After merging with the rival Professional Pickleball Association’s VIBE league in November and expanding to 24 teams, MLP’s six-event 2023 schedule kicks off Thursday in Mesa, Ariz. The four-day tournament could provide an early indication whether pickleball, amid unprecedented and undeniable growth in participation, can also make it as a spectator sport.
“That’s the big question,” Sam Querrey of the expansion D.C. Pickleball Team said in a recent telephone interview. “Historically, not many people have streamed these events, but there are some unique, fun stories out there in pickleball that hopefully can be showcased more and more as the season goes on.”
Querrey has made himself — and, by association, his D.C. teammates — one of the more intriguing stories of the start-up league. After retiring from professional tennis in August, the 34-year-old, who won 10 ATP titles and reached a career-high singles ranking of No. 11 in 2018, ruffled some feathers in the pickleball community by boasting on a podcast that it would take him all of three months, starting in January, to become a top 10 player.
At his first pro pickleball event in Rancho Mirage, Calif., two weeks ago, Querrey, who has played recreationally for about five years, lost his first-round singles, doubles and mixed-doubles matches. Afterward, a fan approached him to say he should be more humble and that he wasn’t good for the sport.
“Of course, he was out there in the front row watching,” Querrey said. “There’s a curiosity factor.”
‘You’re seeing pickleball everywhere you go’
Pickleball first popped up on D.C. Pickleball Team co-owner Sam Porter’s radar a few years ago, when he noticed people playing on tennis courts in his New Jersey neighborhood. His curiosity was further piqued in July, after former New Orleans Saints quarterback Drew Brees, an avid pickleball player, bought a stake in an MLP team.
Porter, a former NBA agent who worked in D.C. United’s front office from 2014 to 2021, began doing some research about pickleball’s growth and was drawn to the democratic nature of the sport. When Porter’s business partner, Al Tylis, learned that MLP was looking to expand, the duo expressed interest in acquiring a team. They didn’t have to look far for co-investors.
In June 2021, Porter and Tylis purchased 50 percent of Club Nexaca of Liga MX, Mexico’s top soccer division, with a group that included model Kate Upton and her husband, three-time Cy Young Award winner Justin Verlander; actress Eva Longoria; German soccer great Mesut Özil and former NBA stars Shawn Marion and Richard Hamilton. All of them were interested in adding a professional pickleball team to their portfolios.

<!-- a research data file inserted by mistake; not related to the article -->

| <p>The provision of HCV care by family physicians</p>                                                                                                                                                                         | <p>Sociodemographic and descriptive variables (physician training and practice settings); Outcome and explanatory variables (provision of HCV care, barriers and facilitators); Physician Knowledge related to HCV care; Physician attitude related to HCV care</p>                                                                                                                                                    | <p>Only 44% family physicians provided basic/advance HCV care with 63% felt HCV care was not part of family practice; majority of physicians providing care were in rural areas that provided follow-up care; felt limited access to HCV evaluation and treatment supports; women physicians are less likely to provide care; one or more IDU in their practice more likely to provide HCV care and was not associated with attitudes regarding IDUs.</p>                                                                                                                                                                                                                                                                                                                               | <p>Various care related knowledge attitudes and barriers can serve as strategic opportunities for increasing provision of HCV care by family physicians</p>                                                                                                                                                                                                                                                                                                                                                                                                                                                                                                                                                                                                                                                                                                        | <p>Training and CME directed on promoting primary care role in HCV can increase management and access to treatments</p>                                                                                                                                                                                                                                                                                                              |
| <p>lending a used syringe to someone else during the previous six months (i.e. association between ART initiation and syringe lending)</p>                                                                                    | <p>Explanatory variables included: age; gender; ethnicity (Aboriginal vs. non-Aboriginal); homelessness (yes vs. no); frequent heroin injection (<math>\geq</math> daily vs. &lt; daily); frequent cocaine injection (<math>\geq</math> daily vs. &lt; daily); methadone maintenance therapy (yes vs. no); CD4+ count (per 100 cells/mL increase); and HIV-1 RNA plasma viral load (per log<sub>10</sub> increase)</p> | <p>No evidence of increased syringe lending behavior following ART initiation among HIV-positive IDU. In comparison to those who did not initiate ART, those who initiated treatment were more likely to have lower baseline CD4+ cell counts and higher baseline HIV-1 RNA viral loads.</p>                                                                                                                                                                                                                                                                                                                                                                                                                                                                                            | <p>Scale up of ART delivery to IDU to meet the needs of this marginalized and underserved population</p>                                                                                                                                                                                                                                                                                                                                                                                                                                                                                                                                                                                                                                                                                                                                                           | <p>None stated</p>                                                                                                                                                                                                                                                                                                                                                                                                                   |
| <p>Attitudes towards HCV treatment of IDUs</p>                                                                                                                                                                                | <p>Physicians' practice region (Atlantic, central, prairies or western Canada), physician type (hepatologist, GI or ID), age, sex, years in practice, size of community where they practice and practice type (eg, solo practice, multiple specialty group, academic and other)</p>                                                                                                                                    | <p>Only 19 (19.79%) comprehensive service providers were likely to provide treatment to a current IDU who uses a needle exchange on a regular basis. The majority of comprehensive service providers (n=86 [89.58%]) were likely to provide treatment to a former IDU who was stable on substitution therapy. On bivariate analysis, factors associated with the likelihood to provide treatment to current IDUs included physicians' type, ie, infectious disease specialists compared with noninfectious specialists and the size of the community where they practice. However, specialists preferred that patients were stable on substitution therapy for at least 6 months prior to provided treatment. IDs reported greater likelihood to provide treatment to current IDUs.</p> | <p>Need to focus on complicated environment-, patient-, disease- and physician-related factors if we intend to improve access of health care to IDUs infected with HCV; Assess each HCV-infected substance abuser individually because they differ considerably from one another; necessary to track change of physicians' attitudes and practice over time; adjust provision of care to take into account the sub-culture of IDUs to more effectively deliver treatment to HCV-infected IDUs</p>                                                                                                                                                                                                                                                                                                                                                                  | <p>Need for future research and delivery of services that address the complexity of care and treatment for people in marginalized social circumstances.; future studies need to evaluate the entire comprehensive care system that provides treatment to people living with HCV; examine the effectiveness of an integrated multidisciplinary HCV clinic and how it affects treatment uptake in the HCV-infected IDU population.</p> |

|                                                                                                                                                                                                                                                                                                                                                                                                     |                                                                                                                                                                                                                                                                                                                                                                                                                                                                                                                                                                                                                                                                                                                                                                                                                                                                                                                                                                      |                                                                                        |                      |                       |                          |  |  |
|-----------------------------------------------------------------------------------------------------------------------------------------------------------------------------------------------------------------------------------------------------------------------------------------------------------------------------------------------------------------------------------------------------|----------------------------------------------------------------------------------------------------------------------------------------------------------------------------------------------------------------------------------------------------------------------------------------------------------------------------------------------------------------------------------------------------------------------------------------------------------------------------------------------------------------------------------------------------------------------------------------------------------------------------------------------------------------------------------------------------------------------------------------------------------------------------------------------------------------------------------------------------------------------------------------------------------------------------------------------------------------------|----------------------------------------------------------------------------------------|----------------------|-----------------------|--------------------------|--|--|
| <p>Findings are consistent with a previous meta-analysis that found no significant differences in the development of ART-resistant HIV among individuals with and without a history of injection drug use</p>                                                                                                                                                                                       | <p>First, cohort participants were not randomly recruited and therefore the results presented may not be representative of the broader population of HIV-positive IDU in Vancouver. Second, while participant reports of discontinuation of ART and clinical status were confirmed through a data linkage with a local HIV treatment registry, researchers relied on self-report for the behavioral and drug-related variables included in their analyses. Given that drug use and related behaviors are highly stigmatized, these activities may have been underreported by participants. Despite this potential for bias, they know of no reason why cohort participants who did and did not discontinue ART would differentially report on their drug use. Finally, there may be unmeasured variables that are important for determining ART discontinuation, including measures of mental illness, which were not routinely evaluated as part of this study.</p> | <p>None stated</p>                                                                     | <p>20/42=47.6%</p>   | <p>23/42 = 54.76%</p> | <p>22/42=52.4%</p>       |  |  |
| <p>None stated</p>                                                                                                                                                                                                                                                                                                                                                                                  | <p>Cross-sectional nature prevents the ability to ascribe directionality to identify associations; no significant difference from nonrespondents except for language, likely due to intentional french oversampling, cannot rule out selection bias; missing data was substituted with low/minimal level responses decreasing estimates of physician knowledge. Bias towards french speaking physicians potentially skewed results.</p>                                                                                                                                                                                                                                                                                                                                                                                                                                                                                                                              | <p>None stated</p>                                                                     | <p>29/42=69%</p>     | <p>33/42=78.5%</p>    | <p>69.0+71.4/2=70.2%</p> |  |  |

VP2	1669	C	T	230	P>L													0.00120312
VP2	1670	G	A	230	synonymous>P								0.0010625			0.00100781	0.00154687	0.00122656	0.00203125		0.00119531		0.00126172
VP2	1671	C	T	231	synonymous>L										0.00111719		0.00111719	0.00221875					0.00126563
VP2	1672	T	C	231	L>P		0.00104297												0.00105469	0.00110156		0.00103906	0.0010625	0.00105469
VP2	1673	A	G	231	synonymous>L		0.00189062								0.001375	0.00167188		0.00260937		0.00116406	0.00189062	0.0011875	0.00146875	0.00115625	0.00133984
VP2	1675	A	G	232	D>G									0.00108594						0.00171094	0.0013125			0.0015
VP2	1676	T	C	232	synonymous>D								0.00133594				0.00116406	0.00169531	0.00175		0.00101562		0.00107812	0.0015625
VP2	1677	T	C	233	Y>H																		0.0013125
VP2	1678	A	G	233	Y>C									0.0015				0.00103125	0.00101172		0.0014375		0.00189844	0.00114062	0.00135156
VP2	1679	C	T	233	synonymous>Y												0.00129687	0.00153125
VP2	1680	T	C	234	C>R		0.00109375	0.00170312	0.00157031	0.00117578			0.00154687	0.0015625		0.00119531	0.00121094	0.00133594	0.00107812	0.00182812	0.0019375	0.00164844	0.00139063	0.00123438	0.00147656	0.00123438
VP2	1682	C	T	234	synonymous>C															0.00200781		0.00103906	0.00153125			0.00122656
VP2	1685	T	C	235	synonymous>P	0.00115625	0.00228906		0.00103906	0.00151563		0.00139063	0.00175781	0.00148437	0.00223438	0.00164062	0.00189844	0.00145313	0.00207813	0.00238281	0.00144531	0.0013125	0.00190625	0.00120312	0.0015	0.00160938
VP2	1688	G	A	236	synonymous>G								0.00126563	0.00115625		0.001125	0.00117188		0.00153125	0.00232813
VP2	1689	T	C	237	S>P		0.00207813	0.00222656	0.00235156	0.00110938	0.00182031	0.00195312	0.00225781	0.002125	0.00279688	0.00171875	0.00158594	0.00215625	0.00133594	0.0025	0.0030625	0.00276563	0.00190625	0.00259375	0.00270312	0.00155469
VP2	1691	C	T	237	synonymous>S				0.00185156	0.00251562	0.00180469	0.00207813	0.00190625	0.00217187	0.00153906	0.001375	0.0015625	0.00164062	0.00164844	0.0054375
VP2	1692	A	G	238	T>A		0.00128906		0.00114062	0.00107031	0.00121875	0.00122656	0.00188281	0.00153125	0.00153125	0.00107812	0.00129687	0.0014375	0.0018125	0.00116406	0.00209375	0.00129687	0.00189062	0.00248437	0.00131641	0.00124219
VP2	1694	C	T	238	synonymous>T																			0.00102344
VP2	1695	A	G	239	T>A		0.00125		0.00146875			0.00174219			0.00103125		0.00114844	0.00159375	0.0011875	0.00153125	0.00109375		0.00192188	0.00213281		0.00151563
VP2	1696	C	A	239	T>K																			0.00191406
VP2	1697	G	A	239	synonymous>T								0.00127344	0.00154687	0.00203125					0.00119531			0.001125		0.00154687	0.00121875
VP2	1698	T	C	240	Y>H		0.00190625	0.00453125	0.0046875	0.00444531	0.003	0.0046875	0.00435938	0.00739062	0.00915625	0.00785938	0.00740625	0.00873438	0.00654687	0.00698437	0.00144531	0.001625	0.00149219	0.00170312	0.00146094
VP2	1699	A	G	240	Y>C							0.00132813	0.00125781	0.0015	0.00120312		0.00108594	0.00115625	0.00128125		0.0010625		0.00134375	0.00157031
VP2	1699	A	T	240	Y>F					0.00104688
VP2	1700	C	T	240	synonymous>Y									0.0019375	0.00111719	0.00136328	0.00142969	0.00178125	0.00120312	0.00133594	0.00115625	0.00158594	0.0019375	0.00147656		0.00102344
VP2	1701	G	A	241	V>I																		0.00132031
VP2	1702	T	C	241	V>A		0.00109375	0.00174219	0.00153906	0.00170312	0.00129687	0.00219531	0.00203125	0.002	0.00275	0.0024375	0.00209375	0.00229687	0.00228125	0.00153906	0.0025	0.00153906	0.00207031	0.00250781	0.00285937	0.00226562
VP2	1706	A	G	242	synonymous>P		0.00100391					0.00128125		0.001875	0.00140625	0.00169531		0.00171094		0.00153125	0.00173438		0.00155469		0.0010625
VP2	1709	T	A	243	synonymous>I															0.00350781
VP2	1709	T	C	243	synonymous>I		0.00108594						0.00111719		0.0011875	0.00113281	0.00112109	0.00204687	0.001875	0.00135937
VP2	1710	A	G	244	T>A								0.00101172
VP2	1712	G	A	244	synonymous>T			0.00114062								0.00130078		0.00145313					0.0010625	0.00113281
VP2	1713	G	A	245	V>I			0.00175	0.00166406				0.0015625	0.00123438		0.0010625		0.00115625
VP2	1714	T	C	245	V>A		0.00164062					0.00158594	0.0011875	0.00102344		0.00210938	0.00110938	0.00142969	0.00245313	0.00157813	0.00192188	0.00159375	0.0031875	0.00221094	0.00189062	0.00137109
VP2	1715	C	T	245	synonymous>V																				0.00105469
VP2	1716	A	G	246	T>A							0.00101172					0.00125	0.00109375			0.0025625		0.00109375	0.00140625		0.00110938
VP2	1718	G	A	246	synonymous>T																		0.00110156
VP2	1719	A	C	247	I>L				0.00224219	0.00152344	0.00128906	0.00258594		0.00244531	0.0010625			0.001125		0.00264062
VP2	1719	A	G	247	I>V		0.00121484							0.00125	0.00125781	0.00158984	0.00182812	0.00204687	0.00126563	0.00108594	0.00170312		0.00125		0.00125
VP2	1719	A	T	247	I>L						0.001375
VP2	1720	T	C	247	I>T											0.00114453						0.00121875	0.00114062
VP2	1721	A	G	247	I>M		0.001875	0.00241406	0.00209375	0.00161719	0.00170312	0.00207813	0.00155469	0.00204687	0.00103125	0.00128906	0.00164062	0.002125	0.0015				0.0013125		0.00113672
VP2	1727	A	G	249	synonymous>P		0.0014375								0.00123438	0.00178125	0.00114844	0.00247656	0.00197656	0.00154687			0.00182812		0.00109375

“I think a lot of these people had the same experience,” Porter said of MLP’s star-studded lineup of investors. “You’re seeing pickleball everywhere you go, and this is an opportunity to be part of something and take it to the next level.”
In November, PPA’s VIBE league, which was co-founded by Carolina Hurricanes owner Tom Dundon and backed by Dallas Mavericks owner Mark Cuban, announced a strategic merger with MLP. Porter’s group was awarded one of MLP’s 12 expansion franchises.
MLP features two tiers of competition and 24 co-ed teams composed of two men and two women. The league’s 12 previously existing teams drafted 48 of the world’s best pro pickleball players and will begin the year at the Premier Level. The 12 expansion teams, which came at a cost in the low seven figures, according to Forbes, held their own 48-player draft and will begin the year at the Challenger Level.
Every team will play the same six events, with the schedule divided into two three-event seasons. After the first three events, teams will switch levels and redraft players, with the combined results from the two seasons determining each team’s level in 2024.
Pickleball’s brightest stars, including teenager Anna Leigh Waters and Gaithersburg native Ben Johns, aren’t yet household names, but the league hopes to change that through greater exposure. MLP, which produces a weekly podcast, announced that the Tennis Channel will broadcast the semifinals and finals of its first event, and the league remains in negotiations with potential broadcast partners for subsequent events. Pickleball made its major network debut in August, when 621,000 viewers tuned in to CBS’s coverage of the PPA’s Summer Championship.
Loose geographic ties, for now